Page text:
In a single day last week, the US Securities and Exchange Commission (SEC) made two rulings that many will see as genuine proof that climate change is becoming – as its head asserted recently – “front and centre” at the US regulator under Biden.
On Friday, the SEC batted away attempts by US oil & gas giants ConocoPhillips and Occidental to exclude shareholder resolutions calling for emissions reduction targets – a decision that could herald a major break with how the regulator has dealt with similar proposals in the recent past.
Under the Trump Administration, shareholders found it near impossible to get climate target proposals through the SEC’s ‘no action’ process, through which companies seek assurances from the regulator that it won’t take action if they exclude a proposal from the ballot at annual meetings.
This year, ConocoPhillips and Occidental both put forward tried and tested arguments used to evade such proposals at the SEC, but this time the outcome was different.
Both asserted that the proposals, which called for reduction targets that include emissions linked to their products (Scope 3), related to ordinary business and, therefore, fell foul of the rule on micromanagement. In 2019, most proposals calling for Paris-aligned emission reduction targets were excluded on the basis of this rule. So many, in fact, that last year investors amended the wording of resolutions to ask for disclosure on Paris-alignment, rather than calling for targets. But still, filers were thwarted, as companies successfully argued they had already substantially implemented these less stringent proposals.
This year, however, the SEC decided that the proposals were not attempts to micromanage oil majors, and that ConocoPhillips had not substantially implemented the requests already.
Mark van Baal, Founder of Follow This, the Dutch activist behind the proposals at Occidental and ConocoPhillips, welcomed the decisions, describing them as a sign that the tide is turning at the regulator.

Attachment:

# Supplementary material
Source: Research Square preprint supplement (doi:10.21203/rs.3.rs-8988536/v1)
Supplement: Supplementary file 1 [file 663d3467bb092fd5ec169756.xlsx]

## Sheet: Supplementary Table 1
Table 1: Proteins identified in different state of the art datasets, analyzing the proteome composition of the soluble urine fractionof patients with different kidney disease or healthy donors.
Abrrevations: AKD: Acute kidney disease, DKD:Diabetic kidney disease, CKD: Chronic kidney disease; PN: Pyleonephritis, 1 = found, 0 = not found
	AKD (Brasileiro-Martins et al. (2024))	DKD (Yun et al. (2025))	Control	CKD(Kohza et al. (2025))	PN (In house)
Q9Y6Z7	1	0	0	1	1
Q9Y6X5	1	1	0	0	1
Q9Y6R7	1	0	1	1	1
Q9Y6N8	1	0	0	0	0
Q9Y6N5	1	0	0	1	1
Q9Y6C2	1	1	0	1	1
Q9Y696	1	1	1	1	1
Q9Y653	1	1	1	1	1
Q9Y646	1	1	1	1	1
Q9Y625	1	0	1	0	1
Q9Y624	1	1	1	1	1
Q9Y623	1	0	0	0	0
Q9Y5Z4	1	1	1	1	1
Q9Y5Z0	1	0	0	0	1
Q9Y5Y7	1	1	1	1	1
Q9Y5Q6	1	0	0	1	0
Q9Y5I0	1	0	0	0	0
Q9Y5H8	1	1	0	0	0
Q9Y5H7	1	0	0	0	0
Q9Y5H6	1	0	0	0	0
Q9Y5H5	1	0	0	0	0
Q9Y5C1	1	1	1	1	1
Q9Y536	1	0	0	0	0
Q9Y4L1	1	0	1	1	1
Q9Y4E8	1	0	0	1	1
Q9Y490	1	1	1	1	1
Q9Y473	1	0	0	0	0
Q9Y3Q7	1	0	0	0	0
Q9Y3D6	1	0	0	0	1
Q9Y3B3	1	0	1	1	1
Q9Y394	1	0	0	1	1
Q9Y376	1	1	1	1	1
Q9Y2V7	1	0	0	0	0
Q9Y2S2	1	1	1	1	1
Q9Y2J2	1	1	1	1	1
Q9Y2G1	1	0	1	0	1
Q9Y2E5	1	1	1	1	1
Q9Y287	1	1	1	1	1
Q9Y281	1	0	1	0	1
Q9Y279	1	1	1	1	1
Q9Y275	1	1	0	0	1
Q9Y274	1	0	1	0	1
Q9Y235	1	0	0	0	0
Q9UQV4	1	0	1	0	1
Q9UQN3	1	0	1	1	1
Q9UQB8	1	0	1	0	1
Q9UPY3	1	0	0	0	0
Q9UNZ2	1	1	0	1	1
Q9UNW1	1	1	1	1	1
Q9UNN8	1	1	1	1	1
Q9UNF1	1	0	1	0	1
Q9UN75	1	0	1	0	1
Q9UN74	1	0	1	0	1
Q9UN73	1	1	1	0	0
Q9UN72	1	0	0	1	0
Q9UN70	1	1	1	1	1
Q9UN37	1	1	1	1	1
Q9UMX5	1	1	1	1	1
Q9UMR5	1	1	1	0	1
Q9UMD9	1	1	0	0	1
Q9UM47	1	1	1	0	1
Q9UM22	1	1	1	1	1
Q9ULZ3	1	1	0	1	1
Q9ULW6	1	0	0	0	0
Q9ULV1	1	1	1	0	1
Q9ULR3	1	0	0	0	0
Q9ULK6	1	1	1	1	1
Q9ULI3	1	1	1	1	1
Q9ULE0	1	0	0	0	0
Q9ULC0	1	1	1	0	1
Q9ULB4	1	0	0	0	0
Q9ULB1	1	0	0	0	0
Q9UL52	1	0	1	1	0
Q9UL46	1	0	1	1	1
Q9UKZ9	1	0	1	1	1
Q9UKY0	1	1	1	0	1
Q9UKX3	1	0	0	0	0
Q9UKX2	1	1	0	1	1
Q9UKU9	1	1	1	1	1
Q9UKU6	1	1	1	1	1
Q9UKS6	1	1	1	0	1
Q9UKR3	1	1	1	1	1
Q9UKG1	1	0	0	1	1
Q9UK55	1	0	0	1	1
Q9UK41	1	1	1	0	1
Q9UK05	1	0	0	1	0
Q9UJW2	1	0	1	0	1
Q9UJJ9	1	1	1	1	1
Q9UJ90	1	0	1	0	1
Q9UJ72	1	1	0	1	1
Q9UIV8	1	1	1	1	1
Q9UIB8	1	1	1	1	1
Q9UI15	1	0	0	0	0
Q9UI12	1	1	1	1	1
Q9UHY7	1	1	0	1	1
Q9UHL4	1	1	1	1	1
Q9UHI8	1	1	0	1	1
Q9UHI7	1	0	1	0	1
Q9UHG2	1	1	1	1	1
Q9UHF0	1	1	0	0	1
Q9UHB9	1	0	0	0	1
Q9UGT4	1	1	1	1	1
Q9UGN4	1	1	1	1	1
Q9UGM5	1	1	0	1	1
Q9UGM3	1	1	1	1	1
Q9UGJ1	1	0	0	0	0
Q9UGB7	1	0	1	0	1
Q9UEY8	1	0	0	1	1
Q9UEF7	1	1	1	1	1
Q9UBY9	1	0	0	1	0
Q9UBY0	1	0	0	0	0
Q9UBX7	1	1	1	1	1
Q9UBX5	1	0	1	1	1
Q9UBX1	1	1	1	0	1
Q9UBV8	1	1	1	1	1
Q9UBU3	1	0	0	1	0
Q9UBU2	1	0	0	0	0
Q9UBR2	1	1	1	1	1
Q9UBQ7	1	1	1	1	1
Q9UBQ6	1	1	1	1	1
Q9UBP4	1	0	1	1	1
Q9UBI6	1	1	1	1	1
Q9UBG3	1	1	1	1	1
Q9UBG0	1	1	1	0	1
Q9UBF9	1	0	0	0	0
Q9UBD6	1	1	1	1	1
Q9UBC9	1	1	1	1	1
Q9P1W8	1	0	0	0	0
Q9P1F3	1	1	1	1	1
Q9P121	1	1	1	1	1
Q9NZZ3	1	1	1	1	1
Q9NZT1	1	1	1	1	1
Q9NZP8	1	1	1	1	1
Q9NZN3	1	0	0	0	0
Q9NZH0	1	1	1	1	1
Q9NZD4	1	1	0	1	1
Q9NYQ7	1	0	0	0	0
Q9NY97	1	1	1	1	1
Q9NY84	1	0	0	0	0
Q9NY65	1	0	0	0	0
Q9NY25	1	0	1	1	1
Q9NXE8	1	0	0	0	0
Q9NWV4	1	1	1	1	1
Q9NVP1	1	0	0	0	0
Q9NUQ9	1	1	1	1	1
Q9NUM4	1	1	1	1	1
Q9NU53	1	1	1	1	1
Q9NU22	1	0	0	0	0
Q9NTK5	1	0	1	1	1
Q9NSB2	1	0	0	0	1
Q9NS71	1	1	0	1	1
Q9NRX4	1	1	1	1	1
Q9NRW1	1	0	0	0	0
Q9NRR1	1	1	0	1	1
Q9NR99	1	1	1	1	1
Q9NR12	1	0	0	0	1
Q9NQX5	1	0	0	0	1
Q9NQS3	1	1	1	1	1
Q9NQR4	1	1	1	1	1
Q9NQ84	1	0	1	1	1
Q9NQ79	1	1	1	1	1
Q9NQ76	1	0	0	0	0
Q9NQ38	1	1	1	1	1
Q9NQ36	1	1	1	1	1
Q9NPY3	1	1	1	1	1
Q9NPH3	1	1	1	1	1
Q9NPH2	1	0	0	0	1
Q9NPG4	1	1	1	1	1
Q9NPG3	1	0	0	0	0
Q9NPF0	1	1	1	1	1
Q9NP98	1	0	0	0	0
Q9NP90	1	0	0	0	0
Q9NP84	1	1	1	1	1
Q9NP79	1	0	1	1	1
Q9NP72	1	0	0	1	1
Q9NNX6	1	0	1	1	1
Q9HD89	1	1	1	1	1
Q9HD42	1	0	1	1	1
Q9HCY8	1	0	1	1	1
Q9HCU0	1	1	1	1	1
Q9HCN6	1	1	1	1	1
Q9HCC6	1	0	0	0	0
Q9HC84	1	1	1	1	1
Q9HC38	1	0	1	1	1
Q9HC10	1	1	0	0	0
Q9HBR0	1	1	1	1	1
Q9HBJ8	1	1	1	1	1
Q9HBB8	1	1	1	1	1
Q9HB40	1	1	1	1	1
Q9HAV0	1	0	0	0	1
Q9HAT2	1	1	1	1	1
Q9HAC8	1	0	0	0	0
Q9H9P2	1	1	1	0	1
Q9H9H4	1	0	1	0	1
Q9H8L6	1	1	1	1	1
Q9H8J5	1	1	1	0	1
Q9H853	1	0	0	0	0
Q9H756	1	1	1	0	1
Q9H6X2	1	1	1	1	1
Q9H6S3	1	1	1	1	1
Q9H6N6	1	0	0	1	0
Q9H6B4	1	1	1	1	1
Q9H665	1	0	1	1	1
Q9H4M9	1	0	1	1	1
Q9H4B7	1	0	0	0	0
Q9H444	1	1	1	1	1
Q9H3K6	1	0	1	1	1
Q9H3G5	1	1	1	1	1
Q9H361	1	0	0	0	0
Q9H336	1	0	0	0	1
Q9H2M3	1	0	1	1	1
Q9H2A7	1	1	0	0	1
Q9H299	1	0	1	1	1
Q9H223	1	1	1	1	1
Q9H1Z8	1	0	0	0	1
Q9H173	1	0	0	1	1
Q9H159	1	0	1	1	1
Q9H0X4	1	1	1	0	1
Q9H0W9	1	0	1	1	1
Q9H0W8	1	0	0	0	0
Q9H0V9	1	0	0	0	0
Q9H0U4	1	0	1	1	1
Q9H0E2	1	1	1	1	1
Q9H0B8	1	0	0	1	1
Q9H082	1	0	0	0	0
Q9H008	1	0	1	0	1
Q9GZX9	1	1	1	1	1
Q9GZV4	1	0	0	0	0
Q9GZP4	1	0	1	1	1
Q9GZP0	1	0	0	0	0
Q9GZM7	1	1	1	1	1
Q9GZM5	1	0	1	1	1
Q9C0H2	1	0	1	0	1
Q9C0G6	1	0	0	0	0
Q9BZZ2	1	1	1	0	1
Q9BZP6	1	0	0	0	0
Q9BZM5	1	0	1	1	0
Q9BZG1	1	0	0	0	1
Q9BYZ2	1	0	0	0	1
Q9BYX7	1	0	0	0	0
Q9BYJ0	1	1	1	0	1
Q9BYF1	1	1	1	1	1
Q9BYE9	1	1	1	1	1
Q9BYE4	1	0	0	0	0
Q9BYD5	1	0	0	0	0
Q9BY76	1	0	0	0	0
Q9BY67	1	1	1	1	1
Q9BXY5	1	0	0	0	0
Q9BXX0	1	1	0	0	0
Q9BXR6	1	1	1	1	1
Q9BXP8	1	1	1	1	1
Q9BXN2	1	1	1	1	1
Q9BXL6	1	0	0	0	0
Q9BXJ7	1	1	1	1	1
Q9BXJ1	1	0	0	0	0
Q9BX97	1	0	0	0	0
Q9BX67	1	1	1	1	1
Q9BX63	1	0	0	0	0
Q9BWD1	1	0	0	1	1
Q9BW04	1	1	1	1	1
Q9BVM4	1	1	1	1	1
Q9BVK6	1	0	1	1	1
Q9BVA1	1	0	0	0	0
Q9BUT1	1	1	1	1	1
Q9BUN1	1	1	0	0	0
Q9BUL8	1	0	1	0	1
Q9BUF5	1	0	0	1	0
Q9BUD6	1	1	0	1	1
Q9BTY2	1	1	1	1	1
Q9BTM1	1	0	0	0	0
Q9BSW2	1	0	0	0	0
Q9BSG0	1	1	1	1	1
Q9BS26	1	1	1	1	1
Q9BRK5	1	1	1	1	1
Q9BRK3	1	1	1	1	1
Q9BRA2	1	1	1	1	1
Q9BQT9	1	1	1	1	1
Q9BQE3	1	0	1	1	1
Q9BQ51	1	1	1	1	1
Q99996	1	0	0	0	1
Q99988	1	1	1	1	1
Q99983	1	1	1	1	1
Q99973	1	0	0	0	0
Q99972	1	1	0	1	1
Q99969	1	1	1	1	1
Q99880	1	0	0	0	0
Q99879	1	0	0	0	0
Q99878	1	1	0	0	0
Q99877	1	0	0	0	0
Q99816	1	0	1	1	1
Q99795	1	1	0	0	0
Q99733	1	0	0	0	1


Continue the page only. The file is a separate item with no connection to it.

“Apparently, the sympathy with Big Oil in the Trump White House is now history”, he said. “Big Oil is no longer exempt from basic principles of shareholder democracy, as they were during the Trump era”.
Sanford Lewis, attorney at Strategic Counsel and a veteran observer of shareholder proposal battles, is more cautious, noting that the SEC said it did not regard the proposal at ConocoPhillips as micromanagement because it “only asks the company to set emission reduction targets; it does not impose a specific method for doing so”.
“If the proposal had asked the company to align those targets with the temperature goals of the Paris climate agreement, as previously excluded proposals have done, would it have been excludable as ‘imposing a specific method?” he asks. We won’t know, he says, until such a proposal is again filed.
But, for filers of such resolutions, there are other reasons to be optimistic. A speech last week by SEC Acting-Chair Allison Herren Lee revealed the regulator was looking into the guidance used to assess ‘no-action’ requests. She said the work could “also involve reaffirming that proposals cannot be excluded if they concern socially significant issues, such as climate change, just because they may include components that could otherwise be viewed as ‘ordinary business’”.